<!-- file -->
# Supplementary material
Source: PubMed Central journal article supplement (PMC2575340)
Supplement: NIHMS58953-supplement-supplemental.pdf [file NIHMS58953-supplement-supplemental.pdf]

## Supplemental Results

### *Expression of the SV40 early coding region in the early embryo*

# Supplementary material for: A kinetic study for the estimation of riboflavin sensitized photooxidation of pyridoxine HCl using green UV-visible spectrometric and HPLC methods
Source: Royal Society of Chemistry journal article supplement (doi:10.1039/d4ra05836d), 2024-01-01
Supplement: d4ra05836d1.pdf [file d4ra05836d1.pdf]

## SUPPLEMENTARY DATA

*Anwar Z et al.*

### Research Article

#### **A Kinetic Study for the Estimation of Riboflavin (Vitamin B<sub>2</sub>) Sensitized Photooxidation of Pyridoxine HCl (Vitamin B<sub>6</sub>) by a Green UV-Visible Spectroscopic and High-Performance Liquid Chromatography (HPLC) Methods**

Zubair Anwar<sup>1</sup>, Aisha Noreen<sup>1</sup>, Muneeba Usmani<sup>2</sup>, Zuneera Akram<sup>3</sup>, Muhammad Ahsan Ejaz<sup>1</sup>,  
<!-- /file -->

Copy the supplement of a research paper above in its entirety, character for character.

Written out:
# Supplementary material
Source: PubMed Central journal article supplement (PMC2575340)
Supplement: NIHMS58953-supplement-supplemental.pdf [file NIHMS58953-supplement-supplemental.pdf]

## Supplemental Results

### *Expression of the SV40 early coding region in the early embryo*

# Supplementary material for: A kinetic study for the estimation of riboflavin sensitized photooxidation of pyridoxine HCl using green UV-visible spectrometric and HPLC methods
Source: Royal Society of Chemistry journal article supplement (doi:10.1039/d4ra05836d), 2024-01-01
Supplement: d4ra05836d1.pdf [file d4ra05836d1.pdf]

## SUPPLEMENTARY DATA

*Anwar Z et al.*

### Research Article

#### **A Kinetic Study for the Estimation of Riboflavin (Vitamin B<sub>2</sub>) Sensitized Photooxidation of Pyridoxine HCl (Vitamin B<sub>6</sub>) by a Green UV-Visible Spectroscopic and High-Performance Liquid Chromatography (HPLC) Methods**

Zubair Anwar<sup>1</sup>, Aisha Noreen<sup>1</sup>, Muneeba Usmani<sup>2</sup>, Zuneera Akram<sup>3</sup>, Muhammad Ahsan Ejaz<sup>1</sup>,  